Arms Control System

There is now an opportunity to further reduce illicit arms flows in this region, to monitor and prevent diversion of legal firearms and to help prevent future outbreaks of armed violence.  

Establishing a

National Control System

A national control systems refers to a set of procedures, laws and common definitions, along with specifically identified organisations or individuals to serve as national points of contact. 

The main elements of the national control systems therefore require governments to: 

Identifying gaps

and opportunities 

The main gaps and opportunities for improvement are:

Filling the gaps

Amendments

For a consultation draft law for your state which meets ATT requirements, please contact:

agee@armedviolencereduction.org

In most countries, existing legislation does not adequately address the evolving nature of the global arms trade. For example, arms brokering has become a central component of international arms transactions, creating a host of extra-judicial and trans-boundary issues. Effectively managing the activities of arms brokers is key to ensuring the protection of national security. The majority of existing arms regulations date from the 1960s or earlier and cannot effectively control the weapon trade of the 21st century. Another need is to prevent the diversion of arms to stem the flow of illegal weapons into your region. 

Draft amendments which include standards of the UN small arms Programme of Action will be uploaded in coming months.  

National Control List

Download a draft of the Pacific Model Control List. Feedback on this proposed list is welcome to info@armedviolencereduction.org

It is important for governments to identify and have clarity about the types of arms and ammunition that its security and defence forces use.  Much work has been done to develop expansive definitions of weapons, systems, ammunition, and parts and components. For example, the Wassenaar Arrangement maintains a comprehensive “military list” of definitions of conventional weapons which is periodically updated to stay in line with technological advancements.  For Pacific countries however, these definitions are far more expansive than necessary, as the vast majority of items covered have never been (and are not intended to be) a part of government inventories.  To address this, the government of New Zealand has supported the development of the Pacific Model Control List – which is a streamlined set of descriptions that are more suited to the realities of Pacific governments and their security and defence forces.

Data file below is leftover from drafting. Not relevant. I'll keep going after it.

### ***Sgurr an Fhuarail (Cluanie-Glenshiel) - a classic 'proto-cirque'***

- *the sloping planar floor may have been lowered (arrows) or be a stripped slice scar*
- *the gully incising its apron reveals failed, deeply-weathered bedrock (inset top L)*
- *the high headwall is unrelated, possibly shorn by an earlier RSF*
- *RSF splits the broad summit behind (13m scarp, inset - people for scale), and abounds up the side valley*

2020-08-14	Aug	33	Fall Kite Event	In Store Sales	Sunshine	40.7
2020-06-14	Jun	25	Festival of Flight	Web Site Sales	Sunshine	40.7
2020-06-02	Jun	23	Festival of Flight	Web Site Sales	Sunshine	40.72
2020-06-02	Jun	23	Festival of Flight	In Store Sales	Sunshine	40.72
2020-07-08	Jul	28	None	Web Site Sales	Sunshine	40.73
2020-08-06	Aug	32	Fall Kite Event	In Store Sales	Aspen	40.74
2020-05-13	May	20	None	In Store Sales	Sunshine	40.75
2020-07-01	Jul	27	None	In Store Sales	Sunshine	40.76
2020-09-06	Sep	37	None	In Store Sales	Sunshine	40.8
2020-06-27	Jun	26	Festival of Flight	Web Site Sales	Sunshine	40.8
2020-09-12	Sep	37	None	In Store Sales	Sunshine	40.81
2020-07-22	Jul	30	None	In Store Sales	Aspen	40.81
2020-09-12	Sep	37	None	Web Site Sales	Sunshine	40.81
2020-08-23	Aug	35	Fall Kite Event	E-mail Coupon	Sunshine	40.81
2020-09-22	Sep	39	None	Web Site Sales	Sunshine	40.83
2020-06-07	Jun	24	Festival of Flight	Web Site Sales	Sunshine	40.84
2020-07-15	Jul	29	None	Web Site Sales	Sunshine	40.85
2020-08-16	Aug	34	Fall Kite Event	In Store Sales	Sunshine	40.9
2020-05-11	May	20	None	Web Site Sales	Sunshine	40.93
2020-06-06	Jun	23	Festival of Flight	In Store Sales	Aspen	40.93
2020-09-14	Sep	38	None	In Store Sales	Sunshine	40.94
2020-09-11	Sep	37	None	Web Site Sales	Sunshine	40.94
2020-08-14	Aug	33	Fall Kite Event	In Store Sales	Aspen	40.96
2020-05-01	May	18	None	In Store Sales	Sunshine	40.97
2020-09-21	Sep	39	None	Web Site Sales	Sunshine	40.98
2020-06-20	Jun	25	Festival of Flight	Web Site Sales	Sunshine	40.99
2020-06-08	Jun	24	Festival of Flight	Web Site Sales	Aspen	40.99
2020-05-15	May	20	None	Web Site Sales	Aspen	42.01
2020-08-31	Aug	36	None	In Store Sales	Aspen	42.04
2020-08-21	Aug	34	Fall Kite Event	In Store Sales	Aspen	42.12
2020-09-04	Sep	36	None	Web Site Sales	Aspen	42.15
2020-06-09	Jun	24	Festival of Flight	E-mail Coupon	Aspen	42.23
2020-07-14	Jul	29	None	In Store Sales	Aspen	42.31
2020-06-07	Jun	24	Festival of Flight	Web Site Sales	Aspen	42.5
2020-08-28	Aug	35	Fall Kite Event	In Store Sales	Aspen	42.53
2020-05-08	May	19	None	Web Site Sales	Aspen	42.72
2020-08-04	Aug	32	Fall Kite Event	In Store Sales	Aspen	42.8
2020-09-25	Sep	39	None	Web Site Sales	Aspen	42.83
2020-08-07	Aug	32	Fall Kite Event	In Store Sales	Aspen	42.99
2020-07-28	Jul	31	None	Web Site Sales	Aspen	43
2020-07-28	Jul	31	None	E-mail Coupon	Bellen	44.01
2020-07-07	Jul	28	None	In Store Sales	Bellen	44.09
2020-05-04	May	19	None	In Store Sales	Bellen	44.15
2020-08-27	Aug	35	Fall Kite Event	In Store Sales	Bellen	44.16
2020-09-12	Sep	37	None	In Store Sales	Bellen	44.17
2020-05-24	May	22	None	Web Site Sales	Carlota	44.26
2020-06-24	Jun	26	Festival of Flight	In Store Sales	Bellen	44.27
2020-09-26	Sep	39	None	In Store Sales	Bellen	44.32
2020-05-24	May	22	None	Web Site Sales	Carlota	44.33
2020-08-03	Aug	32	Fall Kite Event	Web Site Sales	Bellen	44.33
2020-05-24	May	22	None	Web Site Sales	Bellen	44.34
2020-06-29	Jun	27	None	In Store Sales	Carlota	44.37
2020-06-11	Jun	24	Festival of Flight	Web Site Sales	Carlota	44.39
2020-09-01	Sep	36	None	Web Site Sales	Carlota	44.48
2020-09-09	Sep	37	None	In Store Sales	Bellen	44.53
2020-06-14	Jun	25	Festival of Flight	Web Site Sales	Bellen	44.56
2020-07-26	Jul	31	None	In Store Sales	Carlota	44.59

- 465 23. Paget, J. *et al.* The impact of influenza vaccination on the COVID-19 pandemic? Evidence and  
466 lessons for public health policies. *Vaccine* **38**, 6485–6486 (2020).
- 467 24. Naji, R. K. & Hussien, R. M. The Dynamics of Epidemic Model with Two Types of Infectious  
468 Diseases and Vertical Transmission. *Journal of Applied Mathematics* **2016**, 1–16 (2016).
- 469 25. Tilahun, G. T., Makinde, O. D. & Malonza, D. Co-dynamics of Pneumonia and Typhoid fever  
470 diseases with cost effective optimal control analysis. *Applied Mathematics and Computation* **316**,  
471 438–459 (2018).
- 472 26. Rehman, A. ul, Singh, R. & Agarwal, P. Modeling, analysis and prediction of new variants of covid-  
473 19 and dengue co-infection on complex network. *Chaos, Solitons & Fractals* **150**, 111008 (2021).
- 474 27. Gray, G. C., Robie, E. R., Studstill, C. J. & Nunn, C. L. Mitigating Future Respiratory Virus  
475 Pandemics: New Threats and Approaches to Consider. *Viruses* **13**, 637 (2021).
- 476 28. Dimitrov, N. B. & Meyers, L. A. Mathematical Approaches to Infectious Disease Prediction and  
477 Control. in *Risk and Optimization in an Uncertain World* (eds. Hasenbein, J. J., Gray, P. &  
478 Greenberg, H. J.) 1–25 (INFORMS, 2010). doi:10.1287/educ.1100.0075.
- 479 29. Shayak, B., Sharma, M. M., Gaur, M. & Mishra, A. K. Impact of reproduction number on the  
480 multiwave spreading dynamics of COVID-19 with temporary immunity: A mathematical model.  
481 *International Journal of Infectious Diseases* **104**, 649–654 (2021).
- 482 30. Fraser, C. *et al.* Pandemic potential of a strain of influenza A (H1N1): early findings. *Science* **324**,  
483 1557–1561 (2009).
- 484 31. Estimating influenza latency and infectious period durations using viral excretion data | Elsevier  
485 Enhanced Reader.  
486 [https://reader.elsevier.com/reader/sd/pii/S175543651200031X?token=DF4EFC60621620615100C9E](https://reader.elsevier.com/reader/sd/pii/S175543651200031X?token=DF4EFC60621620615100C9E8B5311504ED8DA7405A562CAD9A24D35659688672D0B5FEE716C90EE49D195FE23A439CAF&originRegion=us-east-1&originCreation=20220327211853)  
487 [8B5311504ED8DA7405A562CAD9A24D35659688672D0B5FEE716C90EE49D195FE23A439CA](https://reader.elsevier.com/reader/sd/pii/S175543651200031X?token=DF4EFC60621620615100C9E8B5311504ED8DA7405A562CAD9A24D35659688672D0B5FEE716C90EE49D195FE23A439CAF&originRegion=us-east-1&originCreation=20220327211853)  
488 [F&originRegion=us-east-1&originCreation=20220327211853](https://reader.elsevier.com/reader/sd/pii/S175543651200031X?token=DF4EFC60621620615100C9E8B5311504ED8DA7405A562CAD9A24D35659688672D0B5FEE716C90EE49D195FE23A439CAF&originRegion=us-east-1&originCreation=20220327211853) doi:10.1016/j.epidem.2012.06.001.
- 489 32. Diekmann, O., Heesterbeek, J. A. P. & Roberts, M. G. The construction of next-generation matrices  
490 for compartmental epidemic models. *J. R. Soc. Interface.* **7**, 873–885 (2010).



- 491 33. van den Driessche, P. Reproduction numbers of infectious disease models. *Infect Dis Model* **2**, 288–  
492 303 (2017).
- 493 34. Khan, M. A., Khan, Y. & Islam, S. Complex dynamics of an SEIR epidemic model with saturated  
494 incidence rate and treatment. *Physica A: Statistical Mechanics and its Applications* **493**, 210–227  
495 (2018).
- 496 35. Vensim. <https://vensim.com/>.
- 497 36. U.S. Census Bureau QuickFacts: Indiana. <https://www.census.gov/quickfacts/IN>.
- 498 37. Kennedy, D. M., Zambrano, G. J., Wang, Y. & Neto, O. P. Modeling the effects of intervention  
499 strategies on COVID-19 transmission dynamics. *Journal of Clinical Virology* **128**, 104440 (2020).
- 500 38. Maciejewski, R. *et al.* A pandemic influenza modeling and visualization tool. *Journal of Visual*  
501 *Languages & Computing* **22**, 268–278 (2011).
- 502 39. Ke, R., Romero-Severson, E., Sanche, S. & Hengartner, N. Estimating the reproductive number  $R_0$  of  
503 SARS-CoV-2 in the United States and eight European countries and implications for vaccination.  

ArmsTracker Software

Many Pacific Island States are installing ArmsTracker software designed in the Pacific for small island and developing states. Prior to ArmsTracker, government agencies in the Pacific had no affordable arms inventory database to comply with international standards. As CAVR sought solutions to this problem we found that bespoke systems can cost upwards of US$1m and demand long-term support costs, human and technological resources. ArmsTracker avoids these costs. Developed by CAVR in Papua New Guinea and Côte d’Ivoire, it offers low-cost, technologically undemanding record-keeping software for small government agencies to track international and national arms transfers (import, export, transit, transshipment, gift, loan, lease or private sales) of any conventional arms or munitions. Fully customisable and modular, this package allows state agencies to specify their own needs during the design phase.

For information about ArmsTracker, see here.

Setting up an interagency coordination team 

The ATT works best with a national coordinating mechanism, a key part of which is an interagency group to coordinate progress in meeting Treaty standards for each stakeholder. This platform enables relevant ministries, departments and agencies (for example defence, police, foreign affairs, customs, immigration, justice, corrections, attorney general’s office, civil society), to meet to discuss and implement arms control issues. Some States already have interagency security or International Humanitarian Law committees which are well suited to ATT coordination.